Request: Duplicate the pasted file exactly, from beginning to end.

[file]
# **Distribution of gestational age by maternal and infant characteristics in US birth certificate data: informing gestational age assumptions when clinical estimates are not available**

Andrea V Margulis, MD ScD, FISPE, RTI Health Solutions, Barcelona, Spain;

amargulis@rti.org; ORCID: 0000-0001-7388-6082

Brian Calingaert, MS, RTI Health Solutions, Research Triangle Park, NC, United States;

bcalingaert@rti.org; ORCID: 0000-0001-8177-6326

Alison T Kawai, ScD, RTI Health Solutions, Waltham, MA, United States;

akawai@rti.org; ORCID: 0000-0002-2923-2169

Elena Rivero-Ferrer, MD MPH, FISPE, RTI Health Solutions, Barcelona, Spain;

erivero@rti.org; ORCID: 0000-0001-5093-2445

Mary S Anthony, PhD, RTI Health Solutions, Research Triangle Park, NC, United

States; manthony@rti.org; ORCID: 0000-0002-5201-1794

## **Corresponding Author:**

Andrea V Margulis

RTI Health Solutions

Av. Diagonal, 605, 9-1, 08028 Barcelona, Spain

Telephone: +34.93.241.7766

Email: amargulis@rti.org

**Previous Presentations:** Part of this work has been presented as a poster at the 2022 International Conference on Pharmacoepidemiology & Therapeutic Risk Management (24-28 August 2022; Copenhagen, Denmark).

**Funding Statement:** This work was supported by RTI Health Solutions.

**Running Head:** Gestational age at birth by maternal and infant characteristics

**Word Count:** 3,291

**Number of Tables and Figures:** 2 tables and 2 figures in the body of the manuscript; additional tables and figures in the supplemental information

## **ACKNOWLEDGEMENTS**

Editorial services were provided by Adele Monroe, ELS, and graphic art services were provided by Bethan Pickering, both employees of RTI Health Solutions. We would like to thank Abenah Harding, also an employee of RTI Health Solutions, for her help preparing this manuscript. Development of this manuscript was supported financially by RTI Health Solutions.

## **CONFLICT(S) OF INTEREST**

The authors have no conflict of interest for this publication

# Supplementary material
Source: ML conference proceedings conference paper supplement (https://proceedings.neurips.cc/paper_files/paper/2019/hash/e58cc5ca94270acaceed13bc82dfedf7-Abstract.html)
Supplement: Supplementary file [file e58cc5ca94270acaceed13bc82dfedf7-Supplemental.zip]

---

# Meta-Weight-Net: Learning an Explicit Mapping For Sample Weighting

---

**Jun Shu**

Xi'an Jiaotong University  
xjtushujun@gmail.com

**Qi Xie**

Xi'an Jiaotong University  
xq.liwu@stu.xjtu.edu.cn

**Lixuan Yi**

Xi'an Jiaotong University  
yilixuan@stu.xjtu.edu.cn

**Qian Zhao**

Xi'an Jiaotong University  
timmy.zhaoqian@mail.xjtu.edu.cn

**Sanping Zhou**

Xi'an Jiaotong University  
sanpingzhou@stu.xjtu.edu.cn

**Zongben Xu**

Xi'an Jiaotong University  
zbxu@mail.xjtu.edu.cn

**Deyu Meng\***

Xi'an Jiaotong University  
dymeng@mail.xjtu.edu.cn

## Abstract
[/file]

# **Distribution of gestational age by maternal and infant characteristics in US birth certificate data: informing gestational age assumptions when clinical estimates are not available**

Andrea V Margulis, MD ScD, FISPE, RTI Health Solutions, Barcelona, Spain;

amargulis@rti.org; ORCID: 0000-0001-7388-6082

Brian Calingaert, MS, RTI Health Solutions, Research Triangle Park, NC, United States;

bcalingaert@rti.org; ORCID: 0000-0001-8177-6326

Alison T Kawai, ScD, RTI Health Solutions, Waltham, MA, United States;

akawai@rti.org; ORCID: 0000-0002-2923-2169

Elena Rivero-Ferrer, MD MPH, FISPE, RTI Health Solutions, Barcelona, Spain;

erivero@rti.org; ORCID: 0000-0001-5093-2445

Mary S Anthony, PhD, RTI Health Solutions, Research Triangle Park, NC, United

States; manthony@rti.org; ORCID: 0000-0002-5201-1794

## **Corresponding Author:**

Andrea V Margulis

RTI Health Solutions

Av. Diagonal, 605, 9-1, 08028 Barcelona, Spain

Telephone: +34.93.241.7766

Email: amargulis@rti.org

**Previous Presentations:** Part of this work has been presented as a poster at the 2022 International Conference on Pharmacoepidemiology & Therapeutic Risk Management (24-28 August 2022; Copenhagen, Denmark).

**Funding Statement:** This work was supported by RTI Health Solutions.

**Running Head:** Gestational age at birth by maternal and infant characteristics

**Word Count:** 3,291

**Number of Tables and Figures:** 2 tables and 2 figures in the body of the manuscript; additional tables and figures in the supplemental information

## **ACKNOWLEDGEMENTS**

Editorial services were provided by Adele Monroe, ELS, and graphic art services were provided by Bethan Pickering, both employees of RTI Health Solutions. We would like to thank Abenah Harding, also an employee of RTI Health Solutions, for her help preparing this manuscript. Development of this manuscript was supported financially by RTI Health Solutions.

## **CONFLICT(S) OF INTEREST**

The authors have no conflict of interest for this publication

# Supplementary material
Source: ML conference proceedings conference paper supplement (https://proceedings.neurips.cc/paper_files/paper/2019/hash/e58cc5ca94270acaceed13bc82dfedf7-Abstract.html)
Supplement: Supplementary file [file e58cc5ca94270acaceed13bc82dfedf7-Supplemental.zip]

---

# Meta-Weight-Net: Learning an Explicit Mapping For Sample Weighting

---

**Jun Shu**

Xi'an Jiaotong University  
xjtushujun@gmail.com

**Qi Xie**

Xi'an Jiaotong University  
xq.liwu@stu.xjtu.edu.cn

**Lixuan Yi**

Xi'an Jiaotong University  
yilixuan@stu.xjtu.edu.cn

**Qian Zhao**

Xi'an Jiaotong University  
timmy.zhaoqian@mail.xjtu.edu.cn

**Sanping Zhou**

Xi'an Jiaotong University  
sanpingzhou@stu.xjtu.edu.cn

**Zongben Xu**

Xi'an Jiaotong University  
zbxu@mail.xjtu.edu.cn

**Deyu Meng\***

Xi'an Jiaotong University  
dymeng@mail.xjtu.edu.cn

## Abstract